For this year’s MPavilion 2020 program, Bates Smart has convened a panel of Melbourne-based and international architecture, city design and governance experts to re-imagine car parks as vertical public spaces.
The virtual MTalk, ‘A Treasure Trove of Space: Rethinking Melbourne’s Car Parks for Future Use’, will be streamed on Thursday 26 November at 1pm and will be followed by live Q&A.
How are we planning to live in our cities in the future? What is this pandemic teaching us about how to move and live around our metropolis? What will we do with all the space currently devoted to cars and their use?
These questions will be posed to the panel that includes Julian Anderson (Bates Smart), Rob Adams (City of Melbourne), Alessandra Cianchetta (AWP-Architecture, New York) and Sarah Gaventa (Illuminated River Foundation, London).
Bates Smart will present a series of suggestions for improving wellbeing and connections between each other and with nature. Starting with the car, the architecture firm has identified three specific sites in the City of Melbourne, all multi-level, off-street car parks, that can benefit from re-purposing.
“Today, more than ever, in a historical moment where we have been left insulated, secluded, apart and socially distanced, we have noticed that connection, a sense of community, embracing neighbourhood, urban areas and public spaces – from the shared balcony to the city park – are all essential values. And people need to be at the centre of this,” says Julian Anderson, director, Bates Smart
Studies demonstrate that cars create disconnection and a lonely, solitary way to live in the city. Cars are used only 36 minutes per day, while the other 95% of the time they just stand around, in car parks, unused, occupying spots and wasting a huge percentage of urban space.
“A substantial amount of land and buildings that are set aside to accommodate immobile vehicles can be used otherwise,” continues Julian Anderson.
In the City of Melbourne, car parking accounts for 460 hectares of land – the equivalent of one and a half times the area of Central Park in New York. Making car parking the third-largest land use.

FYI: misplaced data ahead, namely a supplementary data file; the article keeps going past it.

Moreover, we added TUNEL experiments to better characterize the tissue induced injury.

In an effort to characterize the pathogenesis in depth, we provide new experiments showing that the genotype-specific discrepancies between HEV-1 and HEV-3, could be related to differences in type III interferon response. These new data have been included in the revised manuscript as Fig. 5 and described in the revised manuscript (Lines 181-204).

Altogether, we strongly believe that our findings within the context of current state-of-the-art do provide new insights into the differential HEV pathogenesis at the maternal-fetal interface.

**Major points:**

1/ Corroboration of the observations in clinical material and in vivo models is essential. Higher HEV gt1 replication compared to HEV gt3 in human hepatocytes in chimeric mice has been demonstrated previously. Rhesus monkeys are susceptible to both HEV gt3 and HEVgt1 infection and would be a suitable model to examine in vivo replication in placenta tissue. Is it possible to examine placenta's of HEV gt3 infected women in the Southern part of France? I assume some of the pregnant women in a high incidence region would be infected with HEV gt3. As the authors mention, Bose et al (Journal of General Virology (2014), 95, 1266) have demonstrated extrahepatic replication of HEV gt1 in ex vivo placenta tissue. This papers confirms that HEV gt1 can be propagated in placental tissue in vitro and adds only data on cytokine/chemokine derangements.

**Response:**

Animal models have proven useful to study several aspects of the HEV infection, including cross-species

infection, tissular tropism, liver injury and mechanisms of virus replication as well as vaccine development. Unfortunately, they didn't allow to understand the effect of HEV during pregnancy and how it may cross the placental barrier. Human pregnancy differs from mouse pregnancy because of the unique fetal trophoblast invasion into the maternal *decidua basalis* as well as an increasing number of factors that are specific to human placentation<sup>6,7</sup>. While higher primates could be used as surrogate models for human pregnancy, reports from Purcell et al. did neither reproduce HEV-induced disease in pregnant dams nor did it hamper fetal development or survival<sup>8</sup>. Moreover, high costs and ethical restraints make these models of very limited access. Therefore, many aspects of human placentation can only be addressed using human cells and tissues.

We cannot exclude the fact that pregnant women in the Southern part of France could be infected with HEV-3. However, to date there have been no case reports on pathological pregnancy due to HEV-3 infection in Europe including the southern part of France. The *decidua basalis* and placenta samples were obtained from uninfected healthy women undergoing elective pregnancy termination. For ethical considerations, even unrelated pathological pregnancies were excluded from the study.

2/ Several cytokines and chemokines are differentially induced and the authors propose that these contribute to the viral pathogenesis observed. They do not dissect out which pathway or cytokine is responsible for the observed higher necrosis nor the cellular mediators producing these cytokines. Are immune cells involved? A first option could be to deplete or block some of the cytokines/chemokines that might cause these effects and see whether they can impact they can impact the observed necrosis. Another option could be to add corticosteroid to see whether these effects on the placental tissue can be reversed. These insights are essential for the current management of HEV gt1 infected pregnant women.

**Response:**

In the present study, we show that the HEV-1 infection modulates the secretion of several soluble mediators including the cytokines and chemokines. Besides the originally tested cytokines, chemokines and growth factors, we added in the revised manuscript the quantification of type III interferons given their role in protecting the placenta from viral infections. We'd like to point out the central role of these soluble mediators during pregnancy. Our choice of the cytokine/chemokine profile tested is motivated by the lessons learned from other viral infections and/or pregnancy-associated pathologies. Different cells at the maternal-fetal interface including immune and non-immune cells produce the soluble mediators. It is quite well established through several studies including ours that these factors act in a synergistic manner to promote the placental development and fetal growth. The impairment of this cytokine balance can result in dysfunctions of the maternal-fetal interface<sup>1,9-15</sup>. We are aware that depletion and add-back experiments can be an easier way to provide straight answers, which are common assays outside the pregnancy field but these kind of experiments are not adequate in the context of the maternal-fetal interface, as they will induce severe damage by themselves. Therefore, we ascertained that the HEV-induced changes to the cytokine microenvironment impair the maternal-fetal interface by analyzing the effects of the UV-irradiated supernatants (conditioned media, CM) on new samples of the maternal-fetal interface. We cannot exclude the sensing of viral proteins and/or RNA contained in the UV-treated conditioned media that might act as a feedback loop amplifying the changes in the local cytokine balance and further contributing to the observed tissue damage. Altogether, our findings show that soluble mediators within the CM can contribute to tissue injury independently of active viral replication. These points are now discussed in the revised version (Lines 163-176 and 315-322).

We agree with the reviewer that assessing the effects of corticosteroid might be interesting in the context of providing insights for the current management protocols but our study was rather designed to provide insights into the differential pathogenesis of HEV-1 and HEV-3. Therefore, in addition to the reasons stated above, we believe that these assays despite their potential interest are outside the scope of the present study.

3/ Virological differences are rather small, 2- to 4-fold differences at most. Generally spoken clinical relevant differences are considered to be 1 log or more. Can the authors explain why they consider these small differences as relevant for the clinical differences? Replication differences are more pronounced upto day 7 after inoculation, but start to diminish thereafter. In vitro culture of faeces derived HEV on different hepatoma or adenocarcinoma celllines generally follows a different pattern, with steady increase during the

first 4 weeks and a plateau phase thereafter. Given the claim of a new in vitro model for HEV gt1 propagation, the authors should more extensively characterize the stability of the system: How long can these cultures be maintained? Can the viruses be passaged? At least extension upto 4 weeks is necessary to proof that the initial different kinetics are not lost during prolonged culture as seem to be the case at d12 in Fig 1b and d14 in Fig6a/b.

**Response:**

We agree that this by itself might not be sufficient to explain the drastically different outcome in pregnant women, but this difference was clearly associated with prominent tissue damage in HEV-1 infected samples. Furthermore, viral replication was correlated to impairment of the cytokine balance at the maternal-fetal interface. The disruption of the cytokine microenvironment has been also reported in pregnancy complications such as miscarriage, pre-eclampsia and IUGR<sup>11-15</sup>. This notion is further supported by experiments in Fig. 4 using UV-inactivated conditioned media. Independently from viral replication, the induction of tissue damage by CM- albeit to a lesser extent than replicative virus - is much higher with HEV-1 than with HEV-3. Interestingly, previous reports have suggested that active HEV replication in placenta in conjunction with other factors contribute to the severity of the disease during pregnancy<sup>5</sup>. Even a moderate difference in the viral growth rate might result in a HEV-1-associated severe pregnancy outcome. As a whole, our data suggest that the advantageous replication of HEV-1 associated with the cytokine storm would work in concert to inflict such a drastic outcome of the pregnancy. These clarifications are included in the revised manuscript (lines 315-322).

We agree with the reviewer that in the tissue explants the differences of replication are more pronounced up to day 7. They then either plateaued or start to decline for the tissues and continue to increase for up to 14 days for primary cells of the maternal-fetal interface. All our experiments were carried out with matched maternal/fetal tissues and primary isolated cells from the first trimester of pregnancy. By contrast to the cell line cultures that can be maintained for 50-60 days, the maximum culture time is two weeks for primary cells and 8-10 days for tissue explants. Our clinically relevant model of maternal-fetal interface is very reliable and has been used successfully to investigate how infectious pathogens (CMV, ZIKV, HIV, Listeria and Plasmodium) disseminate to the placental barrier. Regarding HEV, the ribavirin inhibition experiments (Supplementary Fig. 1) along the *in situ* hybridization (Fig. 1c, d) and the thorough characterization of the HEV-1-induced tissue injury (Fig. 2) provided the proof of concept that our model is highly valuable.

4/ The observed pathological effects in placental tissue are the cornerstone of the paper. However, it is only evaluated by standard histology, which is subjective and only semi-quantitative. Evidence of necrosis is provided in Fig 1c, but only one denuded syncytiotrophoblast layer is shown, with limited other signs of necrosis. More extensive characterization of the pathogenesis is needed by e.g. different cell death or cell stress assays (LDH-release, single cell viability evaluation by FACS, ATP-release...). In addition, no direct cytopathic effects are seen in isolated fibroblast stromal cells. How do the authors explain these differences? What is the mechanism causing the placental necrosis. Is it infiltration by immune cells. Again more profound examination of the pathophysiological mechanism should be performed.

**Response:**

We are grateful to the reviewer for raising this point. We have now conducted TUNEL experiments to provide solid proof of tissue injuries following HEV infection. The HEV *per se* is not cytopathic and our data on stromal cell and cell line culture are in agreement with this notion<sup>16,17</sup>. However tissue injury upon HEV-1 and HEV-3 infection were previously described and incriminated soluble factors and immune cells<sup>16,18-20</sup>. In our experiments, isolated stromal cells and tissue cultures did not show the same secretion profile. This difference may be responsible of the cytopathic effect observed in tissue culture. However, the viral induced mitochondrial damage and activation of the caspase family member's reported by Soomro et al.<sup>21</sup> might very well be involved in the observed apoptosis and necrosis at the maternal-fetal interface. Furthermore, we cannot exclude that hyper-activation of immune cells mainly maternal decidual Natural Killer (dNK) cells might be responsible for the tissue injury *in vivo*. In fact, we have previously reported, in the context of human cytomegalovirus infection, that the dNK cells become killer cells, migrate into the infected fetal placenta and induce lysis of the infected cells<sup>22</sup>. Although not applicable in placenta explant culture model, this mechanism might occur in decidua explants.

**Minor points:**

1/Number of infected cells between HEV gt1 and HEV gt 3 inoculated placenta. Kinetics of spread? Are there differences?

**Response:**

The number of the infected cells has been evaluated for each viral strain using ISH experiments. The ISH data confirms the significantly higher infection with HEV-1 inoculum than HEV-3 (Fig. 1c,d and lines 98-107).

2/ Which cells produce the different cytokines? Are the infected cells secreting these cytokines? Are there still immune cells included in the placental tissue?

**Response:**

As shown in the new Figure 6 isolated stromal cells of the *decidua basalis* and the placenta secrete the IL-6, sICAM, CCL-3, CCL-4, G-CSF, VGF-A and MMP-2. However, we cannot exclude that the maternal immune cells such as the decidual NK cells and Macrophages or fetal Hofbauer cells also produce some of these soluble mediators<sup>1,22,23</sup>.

Beside diminishing the opportunity for community interaction and enjoyment of public spaces, all of these parking areas take up a large part of generally centrally located city space, much of it highly valued.
Aside from the use of valuable space, cars have a strong impact on our health. In Australia, transport is one of the largest contributors to carbon dioxide emissions and over half of this is produced by cars and vans.
Various cities have adopted different strategies to reduce the presence of cars. Singapore was the first to introduce congestion charging in 1975. Followed by London in 2003, Milan in 2012, and soon New York. Where drivers will have to pay to enter the heart of Manhattan from 2021.
The decline of vehicles entering and travelling within the city, will obviously reduce the use of parking spaces creating a series of new planning opportunities.
“This combination of events will give us the possibility to design and create a better future,” explains Anderson, “our responsibility, as architects, is to re-think the structure and the use of our cities. Cities that once again can be tailored around humans. And our idea is to start with car parks, particularly the privately-owned multi-level off-street car parking”.
Bates Smart’s idea is to incentivise the sale of the privately owned multi-level off-street car park sites to other developers. Planning provisions stipulate that for the majority of sites, for every 1 sqm of site area, a maximum of 18 sqm of floor area can be developed.
There is an allowance for an increase in this plot ratio where it can be proven that a public benefit is being provided. Typically, public benefit takes the form of public open space.
“The intent is to keep it sustainable. The approach is to repurpose the buildings rather than demolish them. Giving them a new life by creating a parallel story. A new purpose,” says Anderson.
Bates Smart proposition focuses on the fact that when sold on to other developers, the car parks would be regarded as constituting a public benefit and therefore would allow developers to exceed the allowable 1:18 plot ratio.
This approach would incentivise car park owners to sell their sites to realise a much higher return. The sites could then be handed back to the city and a portion of the sale proceeds transferred to the city to refurbish the car parks in a number of different ways.
The creative architectural approach is very simple says Anderson. “We are embracing the kit-of-parts approach – proposing a series of architectural scaffolds – features like stairs, ramps, platforms, balconies – simple to add, move and combine”.
“Our aspiration is to bring the multi-level off street car parks into the future by keeping them alive, adding new values and creating a new, diffuse community wellbeing,” continues Anderson.
“There are a lot of opportunities to start looking at how we can re-use, re-adapt, re-purpose. With the creation of new vertical public spaces that can improve how people use and feel in the city”.
“It’s the new evolution of buildings that simply follows the changes of lifestyle. As architects we can guide, enlighten and create these new stories”.
Watch the live talk here on Thursday November 26.